Encompassing 180 acres in central Beijing, the Forbidden City, or a complex of nearly a thousand red palaces, towers, and gardens, pays homage to the reign of one of China’s most powerful rulers—Emperor Zhu Di of the Ming Dynasty, or the “Yongle Emperor.”
In a virtual event on Tuesday, Asian art history professor Aurelia Campbell explored the complex symbolism behind the high architectural standards set during the reign of the Yongle Emperor. The dynasty sought to legitimize power through art and left a legacy of grandeur that profoundly impacted the dynastic rulers that followed.
The focus of her discussion was her first book, What the Emperor Built: Architecture and Empire in the Early Ming, and its main subject, Di , known for moving the Chinese capital to Beijing after his violent usurpation of the throne from his nephew.
Di often chose to illustrate his power through architecture, according to Campbell, notably erecting a complex of palaces known as the Forbidden City from which he would rule his empire. Di also went on to sponsor a number of architectural projects throughout East Asia and present-day Eastern Russia.
“Taken as a whole, these sites reveal the massive scope of Yongle’s architectural ambitions and demonstrate how his sense of empire, his approach to emperorship, and his imperial legacy took shape in built space,” Campbell said.
The architecture in Di’s capital served as a metaphor for the emperor himself, Campbell said.
“The architectural style in which the buildings of the new capital were constructed possessed an overarching sense of order and uniformity that communicated the message of a strong, centralized power controlled by a capable and moral ruler,” she said.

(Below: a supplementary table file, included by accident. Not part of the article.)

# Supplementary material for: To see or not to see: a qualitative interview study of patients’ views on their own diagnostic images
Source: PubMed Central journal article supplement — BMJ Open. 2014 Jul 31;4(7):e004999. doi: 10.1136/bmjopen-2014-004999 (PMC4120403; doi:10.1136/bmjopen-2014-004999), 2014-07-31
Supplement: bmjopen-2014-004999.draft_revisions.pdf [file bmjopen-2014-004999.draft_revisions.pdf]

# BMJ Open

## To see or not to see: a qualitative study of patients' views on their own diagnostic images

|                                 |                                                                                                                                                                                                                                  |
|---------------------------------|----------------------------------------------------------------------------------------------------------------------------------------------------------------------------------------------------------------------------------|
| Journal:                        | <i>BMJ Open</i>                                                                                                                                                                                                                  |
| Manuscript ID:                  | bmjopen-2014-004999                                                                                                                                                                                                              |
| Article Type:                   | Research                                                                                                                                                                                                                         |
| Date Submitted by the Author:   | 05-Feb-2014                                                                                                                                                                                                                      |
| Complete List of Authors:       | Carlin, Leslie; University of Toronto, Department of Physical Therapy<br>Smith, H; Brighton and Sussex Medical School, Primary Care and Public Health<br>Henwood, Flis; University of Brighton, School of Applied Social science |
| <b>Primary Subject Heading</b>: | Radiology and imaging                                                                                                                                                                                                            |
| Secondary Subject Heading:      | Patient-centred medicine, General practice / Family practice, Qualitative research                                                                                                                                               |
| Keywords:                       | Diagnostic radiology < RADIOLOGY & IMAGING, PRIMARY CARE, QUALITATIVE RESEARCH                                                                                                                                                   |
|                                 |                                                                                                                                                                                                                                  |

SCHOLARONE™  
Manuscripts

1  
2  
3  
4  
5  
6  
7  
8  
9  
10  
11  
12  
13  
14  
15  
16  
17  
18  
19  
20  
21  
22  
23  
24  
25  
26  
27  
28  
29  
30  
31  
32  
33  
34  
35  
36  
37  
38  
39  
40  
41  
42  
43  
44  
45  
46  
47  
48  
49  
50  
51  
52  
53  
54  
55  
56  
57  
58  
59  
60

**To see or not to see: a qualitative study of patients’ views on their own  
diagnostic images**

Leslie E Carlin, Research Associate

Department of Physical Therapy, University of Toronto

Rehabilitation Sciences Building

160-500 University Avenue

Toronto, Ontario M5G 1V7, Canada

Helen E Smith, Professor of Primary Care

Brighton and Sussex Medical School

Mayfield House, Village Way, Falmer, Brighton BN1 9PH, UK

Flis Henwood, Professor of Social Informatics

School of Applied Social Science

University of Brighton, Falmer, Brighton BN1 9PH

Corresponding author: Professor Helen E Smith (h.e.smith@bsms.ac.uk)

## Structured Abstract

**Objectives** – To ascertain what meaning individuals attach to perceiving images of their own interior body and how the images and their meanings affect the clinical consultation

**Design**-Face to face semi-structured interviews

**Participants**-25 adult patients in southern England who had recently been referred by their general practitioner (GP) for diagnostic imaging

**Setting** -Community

To construct and improve the buildings in the Forbidden City, Di employed the use of massive trees, called nanmu, which were revered not only for their size but also the incredible beauty of their wood.
These trees, similar in size to California Redwoods, were used as pillars in halls and were incredibly difficult to transport, according to Campbell. Like any other natural resource, nanmu was limited, and even Di’s successors went to great lengths to obtain it.
“Their actions speak to the perceived importance of nanmu not only as an ideal construction material, but also as a symbol of imperial power, and an established practice that had to be followed, even though constructing large-scale buildings in nanmu had only begun in the Yongle reign,” Campbell said.
In addition to creating imposing architectural structures, the emperor sought to connect himself to the divine. Di sponsored a series of temples dedicated to Zhenwu, a Daoist deity, on Mount Wudang as a way to thank the deity for his supposed help in usurping the throne.
The temple’s accompanying sculptures of Zhenwu also seem to have a strong resemblance to the emperor himself, according to Campbell.
“This legend is important because it demonstrates that in the centuries after Yongle’s death, people believed that the Yongle emperor and statues of Zhenwu looked alike,” Campbell said. “From this it is possible to infer that Yongle and the real Zhenwu were thought to possess other shared traits, and it would be not too much of a stretch to say that in the minds of many people, the two were somehow interchangeable.”
Featured Image by Saad Akhtar / Wikimedia Commons